How the middle class became downwardly mobile

Watching TV series during the endless evenings of the pandemic, I’ve been struck by a recurring theme: family downward mobility. In the US series Arrested Development, the jailing of the conman patriarch dismays his adult children, who had expected to live off the family business for ever. “Great,” grumbles his daughter, “so now we don’t have a car or a jet? Why don’t we just take an ad out in I’m Poor magazine?”

In Schitt’s Creek, another ruined family goes to live in its last asset: the eponymous podunk small town that they had bought as a joke. In Years & Years, members of an impoverished British family move in with the grandmother in her rambling, dilapidated house. In Lena Dunham’s Girls, the twenty-something main character is told by her mother that she will no longer support her. Dunham retorts, horrified: “All my friends get help from their parents.”

The topic of younger generations living precariously off family wealth clearly has particular appeal to TV writers, who are educated people in a precarious profession. But it’s also the middle-class theme of our time, amid the second economic meltdown in 13 years. What is the combination of downward mobility and widespread inheritance doing to families, ambitions and societies?

When asset prices outstrip wages in developed economies, the result is an “inheritance society”. The economist Thomas Piketty points out in Capital in the Twenty-First Century that what we’re seeing is a reversion to the historical norm: in most epochs, the vast bulk of wealth comes from inheritance, not work. Piketty says the exception was the postwar era: once the Great Depression and the second world war had decimated family wealth, there was little left to inherit.

But there is now. In Britain, the ratio of housing wealth to GDP is higher than Japan’s before its 1991 crash. “On average, inheritances will be worth 9 per cent of household lifetime (non-inheritance) income for those born in the 1960s, rising to 16 per cent for those born in the 1980s,” projected the UK’s Institute for Fiscal Studies last week. Millennials in the US will inherit more than $68tn from their Boomer parents by 2030, estimates the WealthEngine consultancy. That’s surely the biggest collective wealth transfer in history.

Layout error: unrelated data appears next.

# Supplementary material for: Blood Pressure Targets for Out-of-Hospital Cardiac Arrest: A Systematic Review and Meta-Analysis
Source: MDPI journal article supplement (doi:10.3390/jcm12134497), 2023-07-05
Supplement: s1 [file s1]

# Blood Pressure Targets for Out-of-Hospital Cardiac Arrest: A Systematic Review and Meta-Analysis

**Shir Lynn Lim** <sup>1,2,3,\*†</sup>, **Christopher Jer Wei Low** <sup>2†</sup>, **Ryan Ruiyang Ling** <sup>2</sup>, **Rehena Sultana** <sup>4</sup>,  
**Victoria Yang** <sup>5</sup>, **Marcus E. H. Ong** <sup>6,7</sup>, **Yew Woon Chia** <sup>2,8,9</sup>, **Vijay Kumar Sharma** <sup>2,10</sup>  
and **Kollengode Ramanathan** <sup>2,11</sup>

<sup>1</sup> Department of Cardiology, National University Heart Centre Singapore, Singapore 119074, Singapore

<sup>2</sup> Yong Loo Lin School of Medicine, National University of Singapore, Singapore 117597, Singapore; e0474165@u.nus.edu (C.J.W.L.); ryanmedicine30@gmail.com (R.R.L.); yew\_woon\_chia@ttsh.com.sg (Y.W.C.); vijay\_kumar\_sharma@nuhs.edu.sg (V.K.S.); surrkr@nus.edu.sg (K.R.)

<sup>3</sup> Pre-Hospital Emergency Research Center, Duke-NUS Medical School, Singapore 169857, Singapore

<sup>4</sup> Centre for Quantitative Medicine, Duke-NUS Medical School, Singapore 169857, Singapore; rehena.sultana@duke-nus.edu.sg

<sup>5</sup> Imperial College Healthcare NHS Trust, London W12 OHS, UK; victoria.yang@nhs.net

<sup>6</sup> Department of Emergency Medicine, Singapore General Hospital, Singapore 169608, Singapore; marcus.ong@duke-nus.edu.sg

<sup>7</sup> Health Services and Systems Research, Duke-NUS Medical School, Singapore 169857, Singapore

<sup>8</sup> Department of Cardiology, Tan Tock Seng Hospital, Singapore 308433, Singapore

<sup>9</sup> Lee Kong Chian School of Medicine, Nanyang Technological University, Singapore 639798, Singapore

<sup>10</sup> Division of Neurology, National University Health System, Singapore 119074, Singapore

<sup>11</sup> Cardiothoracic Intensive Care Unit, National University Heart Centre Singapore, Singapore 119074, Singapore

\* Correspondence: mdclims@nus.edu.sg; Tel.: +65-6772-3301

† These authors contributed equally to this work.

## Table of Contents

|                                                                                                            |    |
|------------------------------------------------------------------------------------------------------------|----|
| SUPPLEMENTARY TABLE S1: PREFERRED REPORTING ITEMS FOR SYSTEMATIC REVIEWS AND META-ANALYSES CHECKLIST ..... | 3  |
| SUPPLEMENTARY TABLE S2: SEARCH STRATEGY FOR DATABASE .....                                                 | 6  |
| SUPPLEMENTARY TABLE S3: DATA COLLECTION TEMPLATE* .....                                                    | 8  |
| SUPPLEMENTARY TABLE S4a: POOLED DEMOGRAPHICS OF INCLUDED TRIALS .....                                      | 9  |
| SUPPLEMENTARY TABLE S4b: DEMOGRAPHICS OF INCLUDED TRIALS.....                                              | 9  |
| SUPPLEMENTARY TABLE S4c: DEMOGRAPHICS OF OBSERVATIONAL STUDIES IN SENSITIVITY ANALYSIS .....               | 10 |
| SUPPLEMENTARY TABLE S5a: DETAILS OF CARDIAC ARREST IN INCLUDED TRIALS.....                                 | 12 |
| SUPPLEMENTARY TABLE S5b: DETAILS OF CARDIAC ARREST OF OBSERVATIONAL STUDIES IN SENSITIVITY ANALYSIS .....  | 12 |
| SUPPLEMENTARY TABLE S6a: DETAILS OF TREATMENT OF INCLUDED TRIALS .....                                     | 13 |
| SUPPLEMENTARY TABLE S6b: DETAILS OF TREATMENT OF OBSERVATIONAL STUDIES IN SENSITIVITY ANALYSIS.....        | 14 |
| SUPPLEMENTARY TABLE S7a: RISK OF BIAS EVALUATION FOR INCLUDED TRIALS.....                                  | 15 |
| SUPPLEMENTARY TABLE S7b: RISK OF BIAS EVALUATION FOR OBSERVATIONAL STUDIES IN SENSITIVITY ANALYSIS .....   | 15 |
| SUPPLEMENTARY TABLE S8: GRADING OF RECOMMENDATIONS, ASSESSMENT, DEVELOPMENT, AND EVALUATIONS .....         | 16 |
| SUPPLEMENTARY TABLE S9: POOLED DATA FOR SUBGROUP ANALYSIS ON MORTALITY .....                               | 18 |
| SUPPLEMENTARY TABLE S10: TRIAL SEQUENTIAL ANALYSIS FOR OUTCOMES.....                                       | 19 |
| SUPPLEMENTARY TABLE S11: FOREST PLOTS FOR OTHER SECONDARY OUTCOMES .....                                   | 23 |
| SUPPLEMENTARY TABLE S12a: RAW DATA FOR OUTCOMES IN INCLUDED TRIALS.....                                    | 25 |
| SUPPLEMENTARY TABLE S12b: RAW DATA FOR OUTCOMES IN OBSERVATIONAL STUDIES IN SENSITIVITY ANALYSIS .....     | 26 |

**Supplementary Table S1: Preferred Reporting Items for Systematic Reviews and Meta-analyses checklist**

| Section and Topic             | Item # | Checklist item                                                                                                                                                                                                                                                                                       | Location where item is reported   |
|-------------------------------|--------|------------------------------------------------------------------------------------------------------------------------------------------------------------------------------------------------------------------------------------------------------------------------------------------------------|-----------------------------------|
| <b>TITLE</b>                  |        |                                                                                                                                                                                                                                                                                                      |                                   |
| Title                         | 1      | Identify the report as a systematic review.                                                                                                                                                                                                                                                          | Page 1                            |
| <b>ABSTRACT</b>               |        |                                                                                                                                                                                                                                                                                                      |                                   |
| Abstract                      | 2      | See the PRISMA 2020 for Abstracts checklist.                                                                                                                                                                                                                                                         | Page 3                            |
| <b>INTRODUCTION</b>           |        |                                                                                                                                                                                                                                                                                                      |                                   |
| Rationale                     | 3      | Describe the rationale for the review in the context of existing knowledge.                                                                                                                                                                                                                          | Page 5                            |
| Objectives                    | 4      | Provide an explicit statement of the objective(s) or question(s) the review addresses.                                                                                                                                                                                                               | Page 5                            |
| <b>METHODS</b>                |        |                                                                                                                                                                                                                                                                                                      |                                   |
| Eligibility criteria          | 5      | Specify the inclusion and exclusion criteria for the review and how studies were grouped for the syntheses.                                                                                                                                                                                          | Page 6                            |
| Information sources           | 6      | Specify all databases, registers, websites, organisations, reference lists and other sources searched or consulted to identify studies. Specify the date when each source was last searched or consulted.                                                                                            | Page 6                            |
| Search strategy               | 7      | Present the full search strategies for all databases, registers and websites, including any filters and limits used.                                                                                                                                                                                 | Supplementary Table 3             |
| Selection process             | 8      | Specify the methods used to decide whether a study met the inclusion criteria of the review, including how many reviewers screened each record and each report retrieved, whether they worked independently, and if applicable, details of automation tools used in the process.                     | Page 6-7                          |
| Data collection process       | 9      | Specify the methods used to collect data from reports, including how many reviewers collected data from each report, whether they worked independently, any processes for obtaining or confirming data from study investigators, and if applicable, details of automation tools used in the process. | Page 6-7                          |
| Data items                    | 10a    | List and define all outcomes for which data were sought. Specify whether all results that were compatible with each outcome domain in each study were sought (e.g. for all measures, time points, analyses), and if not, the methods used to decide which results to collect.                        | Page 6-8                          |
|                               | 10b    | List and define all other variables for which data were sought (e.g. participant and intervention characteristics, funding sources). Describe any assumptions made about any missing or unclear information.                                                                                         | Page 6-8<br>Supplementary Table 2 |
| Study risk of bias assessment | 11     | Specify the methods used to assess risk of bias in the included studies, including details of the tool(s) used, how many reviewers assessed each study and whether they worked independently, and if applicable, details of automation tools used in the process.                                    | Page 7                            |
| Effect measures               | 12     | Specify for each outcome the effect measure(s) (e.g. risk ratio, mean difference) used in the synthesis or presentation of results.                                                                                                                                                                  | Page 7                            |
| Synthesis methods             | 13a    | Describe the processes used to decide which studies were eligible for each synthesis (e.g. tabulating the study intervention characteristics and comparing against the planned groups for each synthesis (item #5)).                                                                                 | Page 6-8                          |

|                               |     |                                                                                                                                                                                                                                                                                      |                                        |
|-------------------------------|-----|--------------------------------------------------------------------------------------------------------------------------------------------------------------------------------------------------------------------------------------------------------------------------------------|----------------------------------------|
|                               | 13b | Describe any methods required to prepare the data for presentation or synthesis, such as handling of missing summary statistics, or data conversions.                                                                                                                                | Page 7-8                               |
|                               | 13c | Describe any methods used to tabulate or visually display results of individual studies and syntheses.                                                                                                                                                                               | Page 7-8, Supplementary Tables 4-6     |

No wonder many of today’s most compelling dramas revolve around inheritance: the Trump family saga, the Harry-and-Meghan story, the TV series Succession (loosely based on the Murdoch family) or Patrick Radden Keefe’s new book Empire of Pain, about the Sackler family, who made billions from the deadly painkiller OxyContin.

This is a return to the storylines of the 19th century, another era when assets trumped wages: Balzac and Jane Austen dramatised inheritances, too, notes Piketty. The difference is that nowadays there are fewer big heirs and far more small ones — “petits rentiers”, Piketty calls them. For large swaths of the middle class, inheritance has downgraded salary to something of an afterthought.

That’s especially true for younger people. Many millennials have made the terrible discovery that a bachelors degree is the new high-school diploma. Fifty years ago, a bank manager or teacher or lawyer was a big shot guaranteed a big house. Nowadays people in those jobs can find themselves living in their childhood bedrooms, struggling to please lesser-educated parents who control the pot of gold. Family wealth solidifies family hierarchies. And with life expectancy generally rising (except in the US), these hierarchies remain intact longer than in any previous era.

Ground zero for family dependency is Italy, where the average child leaves home aged 30. With the Italian birth rate sliding to 1.32 children per woman even before collapsing during the pandemic, families are dying out, which diminishes the need to save. So bourgeois families consume their wealth, the generations clamped together in a perverse embrace.

Many professions staffed by educated people — academia, cultural industries, graphic design — now pay so little that even with a small inheritance, the younger generation descends in class. Having to sell the family home can be a source of shame and lost memories, says the French writer Lisa Vignoli, whose novel of downward mobility Les déclassés appears next January.

The moment of inheritance often destroys the family. A friend of mine who carries out painting valuations says fights between siblings over who gets what are the norm. Richer heirs can drift into aimlessness, reluctant to work for underwhelming salaries that they don’t need. Inactivity can breed inferiority complexes: while their working peers tend to become more capable in middle age, many heirs just become irrelevant.

Those who take over the family business often find themselves in over their heads. Tellingly, four of the 12 football-club owners behind the disastrous plan for a European Super League were heirs. A fifth, Steven Zhang, 29-year-old president of Inter Milan, had been handed the club by his billionaire father.

Yet the themes of downward mobility and heirdom transcend families. Years & Years depicts an entire downwardly mobile country, the UK. Add on the pandemic and climate change, and that’s currently the world.

Follow Simon on Twitter @KuperSimon and email him at [email protected]

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